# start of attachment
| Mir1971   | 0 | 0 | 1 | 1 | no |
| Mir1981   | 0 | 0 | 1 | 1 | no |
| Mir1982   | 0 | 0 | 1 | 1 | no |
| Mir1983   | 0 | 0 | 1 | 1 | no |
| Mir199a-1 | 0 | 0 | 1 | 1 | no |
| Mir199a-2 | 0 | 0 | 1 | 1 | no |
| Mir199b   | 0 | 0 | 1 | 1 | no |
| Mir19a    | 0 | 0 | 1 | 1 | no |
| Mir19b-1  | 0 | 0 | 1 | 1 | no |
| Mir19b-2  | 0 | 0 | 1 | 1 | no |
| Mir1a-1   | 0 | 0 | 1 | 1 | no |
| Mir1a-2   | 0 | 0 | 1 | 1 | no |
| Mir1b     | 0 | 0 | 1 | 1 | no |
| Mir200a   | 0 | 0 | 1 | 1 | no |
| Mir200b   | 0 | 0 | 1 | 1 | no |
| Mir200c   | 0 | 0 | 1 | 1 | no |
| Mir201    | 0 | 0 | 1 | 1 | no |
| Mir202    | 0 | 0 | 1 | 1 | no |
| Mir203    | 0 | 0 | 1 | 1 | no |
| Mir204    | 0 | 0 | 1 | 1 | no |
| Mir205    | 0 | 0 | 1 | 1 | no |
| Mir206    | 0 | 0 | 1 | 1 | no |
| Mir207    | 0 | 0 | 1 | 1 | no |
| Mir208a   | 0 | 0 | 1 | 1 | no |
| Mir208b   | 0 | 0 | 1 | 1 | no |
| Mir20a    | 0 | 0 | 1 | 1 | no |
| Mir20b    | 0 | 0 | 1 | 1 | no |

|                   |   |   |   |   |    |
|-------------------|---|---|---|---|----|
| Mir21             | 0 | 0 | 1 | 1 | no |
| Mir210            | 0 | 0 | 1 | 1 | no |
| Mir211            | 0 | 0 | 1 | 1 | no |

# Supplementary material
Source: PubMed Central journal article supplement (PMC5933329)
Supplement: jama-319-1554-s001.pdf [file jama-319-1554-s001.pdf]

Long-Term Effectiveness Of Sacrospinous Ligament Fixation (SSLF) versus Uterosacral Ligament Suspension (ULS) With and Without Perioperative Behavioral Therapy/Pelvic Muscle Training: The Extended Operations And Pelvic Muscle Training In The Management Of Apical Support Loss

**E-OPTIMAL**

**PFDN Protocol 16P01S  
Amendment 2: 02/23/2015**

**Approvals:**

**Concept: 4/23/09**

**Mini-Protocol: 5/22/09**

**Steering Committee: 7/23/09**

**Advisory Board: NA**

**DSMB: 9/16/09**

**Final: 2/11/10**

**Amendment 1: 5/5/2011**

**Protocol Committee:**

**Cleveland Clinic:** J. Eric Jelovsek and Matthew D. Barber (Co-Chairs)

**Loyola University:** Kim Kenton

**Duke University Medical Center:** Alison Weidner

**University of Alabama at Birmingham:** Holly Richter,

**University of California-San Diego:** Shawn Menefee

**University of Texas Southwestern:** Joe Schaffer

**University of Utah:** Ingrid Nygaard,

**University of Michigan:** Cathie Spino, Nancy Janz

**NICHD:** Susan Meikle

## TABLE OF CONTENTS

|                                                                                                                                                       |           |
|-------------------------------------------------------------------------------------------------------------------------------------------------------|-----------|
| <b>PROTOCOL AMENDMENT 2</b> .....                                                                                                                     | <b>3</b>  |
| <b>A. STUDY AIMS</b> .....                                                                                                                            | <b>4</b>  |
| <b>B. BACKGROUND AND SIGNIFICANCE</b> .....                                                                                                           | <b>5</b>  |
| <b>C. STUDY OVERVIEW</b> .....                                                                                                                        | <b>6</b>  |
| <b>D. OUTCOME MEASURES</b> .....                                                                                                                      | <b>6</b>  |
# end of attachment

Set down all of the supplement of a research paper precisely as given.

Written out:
| Mir1971   | 0 | 0 | 1 | 1 | no |
| Mir1981   | 0 | 0 | 1 | 1 | no |
| Mir1982   | 0 | 0 | 1 | 1 | no |
| Mir1983   | 0 | 0 | 1 | 1 | no |
| Mir199a-1 | 0 | 0 | 1 | 1 | no |
| Mir199a-2 | 0 | 0 | 1 | 1 | no |
| Mir199b   | 0 | 0 | 1 | 1 | no |
| Mir19a    | 0 | 0 | 1 | 1 | no |
| Mir19b-1  | 0 | 0 | 1 | 1 | no |
| Mir19b-2  | 0 | 0 | 1 | 1 | no |
| Mir1a-1   | 0 | 0 | 1 | 1 | no |
| Mir1a-2   | 0 | 0 | 1 | 1 | no |
| Mir1b     | 0 | 0 | 1 | 1 | no |
| Mir200a   | 0 | 0 | 1 | 1 | no |
| Mir200b   | 0 | 0 | 1 | 1 | no |
| Mir200c   | 0 | 0 | 1 | 1 | no |
| Mir201    | 0 | 0 | 1 | 1 | no |
| Mir202    | 0 | 0 | 1 | 1 | no |
| Mir203    | 0 | 0 | 1 | 1 | no |
| Mir204    | 0 | 0 | 1 | 1 | no |
| Mir205    | 0 | 0 | 1 | 1 | no |
| Mir206    | 0 | 0 | 1 | 1 | no |
| Mir207    | 0 | 0 | 1 | 1 | no |
| Mir208a   | 0 | 0 | 1 | 1 | no |
| Mir208b   | 0 | 0 | 1 | 1 | no |
| Mir20a    | 0 | 0 | 1 | 1 | no |
| Mir20b    | 0 | 0 | 1 | 1 | no |

|                   |   |   |   |   |    |
|-------------------|---|---|---|---|----|
| Mir21             | 0 | 0 | 1 | 1 | no |
| Mir210            | 0 | 0 | 1 | 1 | no |
| Mir211            | 0 | 0 | 1 | 1 | no |

# Supplementary material
Source: PubMed Central journal article supplement (PMC5933329)
Supplement: jama-319-1554-s001.pdf [file jama-319-1554-s001.pdf]

Long-Term Effectiveness Of Sacrospinous Ligament Fixation (SSLF) versus Uterosacral Ligament Suspension (ULS) With and Without Perioperative Behavioral Therapy/Pelvic Muscle Training: The Extended Operations And Pelvic Muscle Training In The Management Of Apical Support Loss

**E-OPTIMAL**

**PFDN Protocol 16P01S  
Amendment 2: 02/23/2015**

**Approvals:**

**Concept: 4/23/09**

**Mini-Protocol: 5/22/09**

**Steering Committee: 7/23/09**

**Advisory Board: NA**

**DSMB: 9/16/09**

**Final: 2/11/10**

**Amendment 1: 5/5/2011**

**Protocol Committee:**

**Cleveland Clinic:** J. Eric Jelovsek and Matthew D. Barber (Co-Chairs)

**Loyola University:** Kim Kenton

**Duke University Medical Center:** Alison Weidner

**University of Alabama at Birmingham:** Holly Richter,

**University of California-San Diego:** Shawn Menefee

**University of Texas Southwestern:** Joe Schaffer

**University of Utah:** Ingrid Nygaard,

**University of Michigan:** Cathie Spino, Nancy Janz

**NICHD:** Susan Meikle

## TABLE OF CONTENTS

|                                                                                                                                                       |           |
|-------------------------------------------------------------------------------------------------------------------------------------------------------|-----------|
| <b>PROTOCOL AMENDMENT 2</b> .....                                                                                                                     | <b>3</b>  |
| <b>A. STUDY AIMS</b> .....                                                                                                                            | <b>4</b>  |
| <b>B. BACKGROUND AND SIGNIFICANCE</b> .....                                                                                                           | <b>5</b>  |
| <b>C. STUDY OVERVIEW</b> .....                                                                                                                        | <b>6</b>  |
| <b>D. OUTCOME MEASURES</b> .....                                                                                                                      | <b>6</b>  |